A shocking photo by a European photographer has given the world a good reason to fear for the health of polar bears — but people shouldn't necessarily jump to conclusions, says one expert.
The photo was taken in Norway's Svalbard region, a group of islands in the Arctic Ocean where tourists often go to see polar bears in their natural habitat.
While she often sees fat males who spend all year on pack ice, "many times I have seen horribly thin bears, and those were exclusively females — like this one here," she wrote on Facebook.
Langenberger went on to say that sea ice retreat "further and further north" is forcing female polar bears to look for food on land, where they have their young, and where it's tougher to find nourishment.
She also said a number of the mothers are losing their cubs within two years.
While she admitted that she had no scientific data to support her observations, Langenberger questioned whether Svalbard has a stable polar bear population.
Ian Stirling, a polar bear researcher and adjunct professor at the University of Alberta, told Mashable that people should be careful about blaming climate change for the bear's condition.
He said the bear was more likely old, sick or hurt — not starving because of a lack of prey or ice.
"A difficulty hunting could be involved," Stirling told the website.
Other alarming images of polar bears
Information provided by the Norwegian government doesn't show much certainty about the health of Svalbard's polar bear population.
The government estimates that, as of 2004, there were nearly 3,000 polar bears in the Svalbard and Barents Sea region.
Another survey tracking the area's population began last month, and has been reporting regularly at this blog.
In addition to Langenberger's disturbing image, National Geographic photographer Paul Nicklen posted this photo of a dead and emaciated bear — also taken in Svalbard — on Sunday.
Last summer I traveled with a group of friends to Svalbard, Norway in search of polar bears. We went to my favorite spot where I have always been able to find bears roaming around on sea ice throughout the summer. On this occasion, however, we didn't find any sea ice and we never found any bears alive. We did find two dead bears in this location and other groups found more dead bears. These bears were so skinny, they appeared to have died of starvation, as in the absence of sea ice, they were not able to hunt seals. In all of my years of growing up in the Arctic and later, working as a biologist, I had never found a dead polar bear. It is now becoming much more common. Through @sea_legacy and @natgeo we will continue to shine a light on our changing planet to convince the unconvinced. Please follow me on @paulnicklen to learn more about the effects of climate change. #polarbear #nature #wildlife #arctic #seaice @thephotosociety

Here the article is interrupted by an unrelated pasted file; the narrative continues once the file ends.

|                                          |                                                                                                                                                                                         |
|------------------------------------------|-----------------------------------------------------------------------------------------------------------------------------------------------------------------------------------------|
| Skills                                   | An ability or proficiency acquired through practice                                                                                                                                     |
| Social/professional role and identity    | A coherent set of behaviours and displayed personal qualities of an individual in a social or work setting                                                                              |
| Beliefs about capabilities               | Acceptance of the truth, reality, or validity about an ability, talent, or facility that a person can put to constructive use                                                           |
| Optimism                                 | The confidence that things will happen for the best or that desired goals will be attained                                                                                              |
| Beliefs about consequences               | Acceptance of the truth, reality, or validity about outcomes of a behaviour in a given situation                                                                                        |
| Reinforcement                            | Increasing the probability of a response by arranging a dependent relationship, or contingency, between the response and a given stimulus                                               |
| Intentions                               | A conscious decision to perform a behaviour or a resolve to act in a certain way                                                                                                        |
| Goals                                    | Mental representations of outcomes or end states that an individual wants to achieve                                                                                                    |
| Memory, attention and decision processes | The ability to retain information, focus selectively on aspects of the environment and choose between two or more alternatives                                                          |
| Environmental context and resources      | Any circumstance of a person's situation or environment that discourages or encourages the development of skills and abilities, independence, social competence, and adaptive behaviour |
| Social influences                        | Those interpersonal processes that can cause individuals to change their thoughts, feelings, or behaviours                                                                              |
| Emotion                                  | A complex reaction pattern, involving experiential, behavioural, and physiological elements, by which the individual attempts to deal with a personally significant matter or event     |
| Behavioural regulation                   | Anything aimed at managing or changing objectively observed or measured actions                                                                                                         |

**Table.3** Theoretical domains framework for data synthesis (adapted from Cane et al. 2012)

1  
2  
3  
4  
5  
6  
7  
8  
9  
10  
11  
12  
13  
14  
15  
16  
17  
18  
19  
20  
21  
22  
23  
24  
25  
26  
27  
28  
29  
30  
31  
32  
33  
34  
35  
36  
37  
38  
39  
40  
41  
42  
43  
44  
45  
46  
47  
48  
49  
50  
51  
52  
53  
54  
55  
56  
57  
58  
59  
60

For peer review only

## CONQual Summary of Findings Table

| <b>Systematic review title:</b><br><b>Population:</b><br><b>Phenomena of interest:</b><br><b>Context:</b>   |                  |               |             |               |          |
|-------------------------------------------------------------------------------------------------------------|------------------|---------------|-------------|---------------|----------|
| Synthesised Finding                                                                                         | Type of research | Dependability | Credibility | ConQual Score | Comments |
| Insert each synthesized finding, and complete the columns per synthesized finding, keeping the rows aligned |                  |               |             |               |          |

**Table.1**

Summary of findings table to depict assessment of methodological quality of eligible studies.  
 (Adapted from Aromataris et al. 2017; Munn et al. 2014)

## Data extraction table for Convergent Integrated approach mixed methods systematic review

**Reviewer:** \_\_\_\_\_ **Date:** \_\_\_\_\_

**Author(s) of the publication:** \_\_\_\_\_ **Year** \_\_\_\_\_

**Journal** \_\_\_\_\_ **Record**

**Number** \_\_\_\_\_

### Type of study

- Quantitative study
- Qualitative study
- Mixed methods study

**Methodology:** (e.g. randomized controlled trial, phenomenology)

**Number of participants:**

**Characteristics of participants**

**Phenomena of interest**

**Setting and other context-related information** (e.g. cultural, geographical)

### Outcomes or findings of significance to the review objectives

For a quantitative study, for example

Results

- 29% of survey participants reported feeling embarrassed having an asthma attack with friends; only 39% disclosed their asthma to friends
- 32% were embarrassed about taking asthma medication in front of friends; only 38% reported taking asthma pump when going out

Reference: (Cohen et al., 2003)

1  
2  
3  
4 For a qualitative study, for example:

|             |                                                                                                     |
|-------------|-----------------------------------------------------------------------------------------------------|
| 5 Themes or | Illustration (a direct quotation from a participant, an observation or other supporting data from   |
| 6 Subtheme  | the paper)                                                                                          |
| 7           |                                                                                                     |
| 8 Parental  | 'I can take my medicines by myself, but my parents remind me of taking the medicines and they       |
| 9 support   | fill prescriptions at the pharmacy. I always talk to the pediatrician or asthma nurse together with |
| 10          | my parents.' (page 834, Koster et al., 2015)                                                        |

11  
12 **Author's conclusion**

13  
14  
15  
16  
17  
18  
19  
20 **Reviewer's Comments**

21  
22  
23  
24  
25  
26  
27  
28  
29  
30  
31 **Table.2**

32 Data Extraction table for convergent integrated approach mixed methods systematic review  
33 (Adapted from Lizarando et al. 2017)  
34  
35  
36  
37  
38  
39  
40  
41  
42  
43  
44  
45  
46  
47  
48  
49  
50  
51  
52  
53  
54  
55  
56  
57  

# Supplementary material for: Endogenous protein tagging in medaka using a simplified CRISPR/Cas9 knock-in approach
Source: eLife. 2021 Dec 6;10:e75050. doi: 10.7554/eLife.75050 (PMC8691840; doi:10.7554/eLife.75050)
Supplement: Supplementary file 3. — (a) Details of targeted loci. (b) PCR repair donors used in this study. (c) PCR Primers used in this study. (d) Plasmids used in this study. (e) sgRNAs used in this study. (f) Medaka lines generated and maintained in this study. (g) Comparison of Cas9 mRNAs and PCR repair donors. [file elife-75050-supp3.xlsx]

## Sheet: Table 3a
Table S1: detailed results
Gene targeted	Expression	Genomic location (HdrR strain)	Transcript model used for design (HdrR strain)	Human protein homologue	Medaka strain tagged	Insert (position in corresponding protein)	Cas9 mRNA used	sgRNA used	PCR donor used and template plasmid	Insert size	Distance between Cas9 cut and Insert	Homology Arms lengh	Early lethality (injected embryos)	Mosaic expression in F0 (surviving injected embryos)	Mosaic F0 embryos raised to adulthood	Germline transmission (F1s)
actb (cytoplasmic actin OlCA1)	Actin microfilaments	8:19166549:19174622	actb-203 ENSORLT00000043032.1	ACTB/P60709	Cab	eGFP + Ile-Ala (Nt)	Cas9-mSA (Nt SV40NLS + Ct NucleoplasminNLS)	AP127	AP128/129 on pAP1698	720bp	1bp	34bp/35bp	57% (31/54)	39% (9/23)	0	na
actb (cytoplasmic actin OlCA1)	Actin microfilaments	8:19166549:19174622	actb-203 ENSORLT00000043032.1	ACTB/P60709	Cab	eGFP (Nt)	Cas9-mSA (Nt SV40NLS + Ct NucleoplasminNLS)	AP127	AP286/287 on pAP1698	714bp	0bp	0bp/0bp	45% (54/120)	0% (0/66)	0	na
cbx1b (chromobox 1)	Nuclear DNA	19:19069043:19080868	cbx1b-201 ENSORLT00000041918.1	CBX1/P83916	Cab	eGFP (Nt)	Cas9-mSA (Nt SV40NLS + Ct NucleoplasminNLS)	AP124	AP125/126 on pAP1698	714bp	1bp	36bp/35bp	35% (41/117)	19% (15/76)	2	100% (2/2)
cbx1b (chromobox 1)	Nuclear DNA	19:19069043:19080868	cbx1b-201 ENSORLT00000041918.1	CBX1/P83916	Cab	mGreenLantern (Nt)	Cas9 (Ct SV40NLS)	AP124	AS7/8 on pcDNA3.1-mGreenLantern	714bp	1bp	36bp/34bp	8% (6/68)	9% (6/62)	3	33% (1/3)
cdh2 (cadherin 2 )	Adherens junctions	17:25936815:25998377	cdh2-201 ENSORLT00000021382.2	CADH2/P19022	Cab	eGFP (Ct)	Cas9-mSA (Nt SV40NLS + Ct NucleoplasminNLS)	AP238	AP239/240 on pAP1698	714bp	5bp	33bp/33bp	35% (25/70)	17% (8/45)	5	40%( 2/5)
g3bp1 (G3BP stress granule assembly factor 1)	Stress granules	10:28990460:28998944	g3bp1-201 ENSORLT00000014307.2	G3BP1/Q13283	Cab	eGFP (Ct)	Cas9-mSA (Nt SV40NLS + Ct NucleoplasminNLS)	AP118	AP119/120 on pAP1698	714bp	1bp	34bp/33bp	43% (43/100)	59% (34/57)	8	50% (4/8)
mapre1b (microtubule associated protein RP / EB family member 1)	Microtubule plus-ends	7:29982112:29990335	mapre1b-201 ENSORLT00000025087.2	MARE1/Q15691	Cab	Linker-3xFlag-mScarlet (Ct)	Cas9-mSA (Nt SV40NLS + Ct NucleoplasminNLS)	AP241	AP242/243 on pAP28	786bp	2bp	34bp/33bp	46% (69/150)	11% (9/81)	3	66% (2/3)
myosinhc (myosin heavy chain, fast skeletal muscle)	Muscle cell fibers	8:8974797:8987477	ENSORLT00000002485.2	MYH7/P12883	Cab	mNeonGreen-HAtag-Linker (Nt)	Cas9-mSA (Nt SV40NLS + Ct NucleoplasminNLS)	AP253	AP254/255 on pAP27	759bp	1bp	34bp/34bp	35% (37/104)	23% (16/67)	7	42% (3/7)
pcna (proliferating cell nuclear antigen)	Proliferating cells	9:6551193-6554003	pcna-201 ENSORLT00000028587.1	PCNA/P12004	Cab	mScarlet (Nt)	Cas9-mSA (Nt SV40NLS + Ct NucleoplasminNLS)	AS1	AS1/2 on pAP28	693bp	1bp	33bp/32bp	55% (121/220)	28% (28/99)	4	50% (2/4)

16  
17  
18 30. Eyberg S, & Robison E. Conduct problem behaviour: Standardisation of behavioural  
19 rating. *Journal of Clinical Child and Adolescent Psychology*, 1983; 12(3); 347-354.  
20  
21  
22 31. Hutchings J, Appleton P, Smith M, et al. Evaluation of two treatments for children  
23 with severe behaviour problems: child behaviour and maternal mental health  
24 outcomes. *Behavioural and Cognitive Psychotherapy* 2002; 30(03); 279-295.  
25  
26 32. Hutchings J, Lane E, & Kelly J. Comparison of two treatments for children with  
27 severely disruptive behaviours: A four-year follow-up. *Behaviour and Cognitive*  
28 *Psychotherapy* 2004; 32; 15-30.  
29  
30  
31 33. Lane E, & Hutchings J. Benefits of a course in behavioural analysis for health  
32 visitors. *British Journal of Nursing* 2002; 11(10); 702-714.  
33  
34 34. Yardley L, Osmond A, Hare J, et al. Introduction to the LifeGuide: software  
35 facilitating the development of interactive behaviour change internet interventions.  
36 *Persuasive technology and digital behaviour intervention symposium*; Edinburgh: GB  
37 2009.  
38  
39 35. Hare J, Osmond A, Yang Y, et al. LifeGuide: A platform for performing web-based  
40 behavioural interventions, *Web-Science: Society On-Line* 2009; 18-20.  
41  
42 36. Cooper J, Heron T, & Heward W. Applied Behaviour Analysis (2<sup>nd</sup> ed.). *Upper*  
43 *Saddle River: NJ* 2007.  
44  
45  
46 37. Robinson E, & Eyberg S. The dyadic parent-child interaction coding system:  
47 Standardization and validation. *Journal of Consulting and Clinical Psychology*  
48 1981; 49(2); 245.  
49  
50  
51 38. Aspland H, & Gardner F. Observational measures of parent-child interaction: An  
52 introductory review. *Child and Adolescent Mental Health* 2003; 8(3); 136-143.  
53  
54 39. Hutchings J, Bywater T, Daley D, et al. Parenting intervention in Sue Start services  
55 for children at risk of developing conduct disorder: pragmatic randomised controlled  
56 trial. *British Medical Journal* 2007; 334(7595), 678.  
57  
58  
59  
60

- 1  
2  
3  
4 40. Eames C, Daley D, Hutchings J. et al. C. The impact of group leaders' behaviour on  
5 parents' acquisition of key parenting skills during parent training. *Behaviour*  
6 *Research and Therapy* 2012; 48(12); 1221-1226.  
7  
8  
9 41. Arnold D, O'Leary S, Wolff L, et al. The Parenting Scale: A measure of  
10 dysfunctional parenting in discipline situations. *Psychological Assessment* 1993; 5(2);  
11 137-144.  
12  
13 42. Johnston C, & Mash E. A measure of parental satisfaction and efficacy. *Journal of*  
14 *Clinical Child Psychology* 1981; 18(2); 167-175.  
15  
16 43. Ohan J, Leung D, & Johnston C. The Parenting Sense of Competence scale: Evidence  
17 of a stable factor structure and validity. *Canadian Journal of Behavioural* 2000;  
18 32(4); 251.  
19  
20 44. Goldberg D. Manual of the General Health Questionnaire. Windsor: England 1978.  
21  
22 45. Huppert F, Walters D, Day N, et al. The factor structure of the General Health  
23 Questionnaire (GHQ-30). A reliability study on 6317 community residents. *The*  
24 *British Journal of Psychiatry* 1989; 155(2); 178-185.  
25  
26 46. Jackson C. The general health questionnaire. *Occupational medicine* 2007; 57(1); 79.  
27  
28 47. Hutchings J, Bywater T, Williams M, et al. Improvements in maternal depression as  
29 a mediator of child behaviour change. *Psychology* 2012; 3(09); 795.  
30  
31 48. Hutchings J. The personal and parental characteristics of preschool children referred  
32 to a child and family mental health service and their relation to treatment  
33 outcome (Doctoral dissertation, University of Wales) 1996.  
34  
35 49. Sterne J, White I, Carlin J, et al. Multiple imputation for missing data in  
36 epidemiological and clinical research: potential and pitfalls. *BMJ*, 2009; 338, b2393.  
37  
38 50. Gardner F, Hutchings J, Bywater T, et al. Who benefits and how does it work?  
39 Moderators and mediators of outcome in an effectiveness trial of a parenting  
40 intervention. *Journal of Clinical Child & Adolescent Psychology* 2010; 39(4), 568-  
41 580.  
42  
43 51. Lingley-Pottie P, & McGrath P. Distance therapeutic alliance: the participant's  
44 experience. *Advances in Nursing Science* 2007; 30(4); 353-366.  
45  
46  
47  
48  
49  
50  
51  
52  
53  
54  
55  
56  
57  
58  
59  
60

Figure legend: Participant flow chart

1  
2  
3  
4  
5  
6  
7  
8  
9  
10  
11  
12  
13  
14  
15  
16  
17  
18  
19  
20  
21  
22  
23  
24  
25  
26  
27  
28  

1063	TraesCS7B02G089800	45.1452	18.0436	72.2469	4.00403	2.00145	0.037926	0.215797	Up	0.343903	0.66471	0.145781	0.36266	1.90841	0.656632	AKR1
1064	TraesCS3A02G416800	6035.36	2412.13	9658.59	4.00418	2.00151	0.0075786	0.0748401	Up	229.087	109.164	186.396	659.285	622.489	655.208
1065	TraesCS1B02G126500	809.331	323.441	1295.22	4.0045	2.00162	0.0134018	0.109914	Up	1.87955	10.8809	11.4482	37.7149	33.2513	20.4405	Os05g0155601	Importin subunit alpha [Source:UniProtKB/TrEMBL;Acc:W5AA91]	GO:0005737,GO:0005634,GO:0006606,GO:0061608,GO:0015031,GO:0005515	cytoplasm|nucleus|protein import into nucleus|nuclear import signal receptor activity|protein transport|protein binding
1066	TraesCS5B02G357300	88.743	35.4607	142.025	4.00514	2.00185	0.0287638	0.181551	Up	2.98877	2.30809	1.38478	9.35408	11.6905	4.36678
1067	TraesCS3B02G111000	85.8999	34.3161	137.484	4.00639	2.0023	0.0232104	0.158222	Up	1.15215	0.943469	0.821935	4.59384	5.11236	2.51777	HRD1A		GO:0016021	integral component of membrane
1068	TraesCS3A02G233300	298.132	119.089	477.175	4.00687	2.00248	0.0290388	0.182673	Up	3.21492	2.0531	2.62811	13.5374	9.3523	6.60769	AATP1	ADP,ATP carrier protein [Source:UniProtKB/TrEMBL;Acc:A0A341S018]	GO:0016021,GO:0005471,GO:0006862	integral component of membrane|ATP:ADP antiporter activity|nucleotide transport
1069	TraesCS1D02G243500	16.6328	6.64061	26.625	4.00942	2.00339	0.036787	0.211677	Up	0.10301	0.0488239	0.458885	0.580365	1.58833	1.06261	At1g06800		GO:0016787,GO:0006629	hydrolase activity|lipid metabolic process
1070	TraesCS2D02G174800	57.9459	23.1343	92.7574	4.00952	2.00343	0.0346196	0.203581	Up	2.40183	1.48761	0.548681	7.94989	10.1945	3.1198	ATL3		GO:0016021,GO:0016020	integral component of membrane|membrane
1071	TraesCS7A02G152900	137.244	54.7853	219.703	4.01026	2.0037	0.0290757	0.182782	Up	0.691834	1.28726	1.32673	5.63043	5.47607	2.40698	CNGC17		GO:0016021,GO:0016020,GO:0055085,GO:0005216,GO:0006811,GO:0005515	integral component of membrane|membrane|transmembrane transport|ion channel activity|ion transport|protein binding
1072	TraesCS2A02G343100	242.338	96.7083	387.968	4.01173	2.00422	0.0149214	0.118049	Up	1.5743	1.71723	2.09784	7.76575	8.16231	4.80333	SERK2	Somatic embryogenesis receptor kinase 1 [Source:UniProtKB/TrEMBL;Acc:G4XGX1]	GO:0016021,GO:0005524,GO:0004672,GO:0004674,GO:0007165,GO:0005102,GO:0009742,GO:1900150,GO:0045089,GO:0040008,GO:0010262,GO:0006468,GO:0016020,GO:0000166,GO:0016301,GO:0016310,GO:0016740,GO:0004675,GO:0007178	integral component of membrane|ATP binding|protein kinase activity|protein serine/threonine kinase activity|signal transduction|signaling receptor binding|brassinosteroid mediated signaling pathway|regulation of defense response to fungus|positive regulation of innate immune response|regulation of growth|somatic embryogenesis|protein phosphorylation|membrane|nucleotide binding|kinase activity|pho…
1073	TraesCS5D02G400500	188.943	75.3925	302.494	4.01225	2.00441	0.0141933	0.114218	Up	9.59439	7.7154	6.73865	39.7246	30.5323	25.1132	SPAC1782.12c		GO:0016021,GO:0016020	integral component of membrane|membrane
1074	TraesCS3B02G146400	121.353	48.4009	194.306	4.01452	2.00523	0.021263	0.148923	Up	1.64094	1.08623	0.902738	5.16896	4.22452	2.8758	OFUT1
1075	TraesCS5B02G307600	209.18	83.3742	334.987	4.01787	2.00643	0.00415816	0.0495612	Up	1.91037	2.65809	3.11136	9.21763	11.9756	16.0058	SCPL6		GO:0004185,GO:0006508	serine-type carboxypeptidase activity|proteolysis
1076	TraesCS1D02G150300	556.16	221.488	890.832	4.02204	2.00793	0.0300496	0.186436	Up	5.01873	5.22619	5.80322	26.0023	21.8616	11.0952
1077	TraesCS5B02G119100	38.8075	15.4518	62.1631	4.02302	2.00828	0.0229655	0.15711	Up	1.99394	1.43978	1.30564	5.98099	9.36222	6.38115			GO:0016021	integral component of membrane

"These bears were so skinny, they appeared to have died of starvation, as in the absence of sea ice, they were not able to hunt seals," Nicklen wrote in a photo caption.
"In all of my years of growing up in the Arctic and later, working as a biologist, I had never found a dead polar bear."
Science is showing plenty of signs that climate change is altering the Arctic.
NASA reported earlier this year that Arctic sea ice had reached its lowest annual maximum extent on record.
Sea ice has retreated so much, in fact, that National Geographic has had to keep changing its atlas in response to the trend.
There are signs that melting sea ice has made the task of hunting more difficult for polar bears.
A study published in academic journal Polar Biology found that a bear had made a world record-setting underwater dive of three minutes and 10 seconds, as there weren't enough ice floes to give it cover as it hunted seals.
Prior to that, bears had only been seen making dives of around 30 seconds, The Washington Post reported.
Warming waters also appear to be pushing certain species north, bringing polar bears into contact with prey they haven't met before.
Last year, scientists recorded the first instance of a polar bear eating a white-beaked dolphin in Svalbard.
Dolphins had been seen in Svalbard before, but not that far north in the winter or spring.
Researchers writing in academic journal Polar Research said that dolphins had likely been pushed to the region in the early spring due to a lack of sea ice in the "period prior to our observation."
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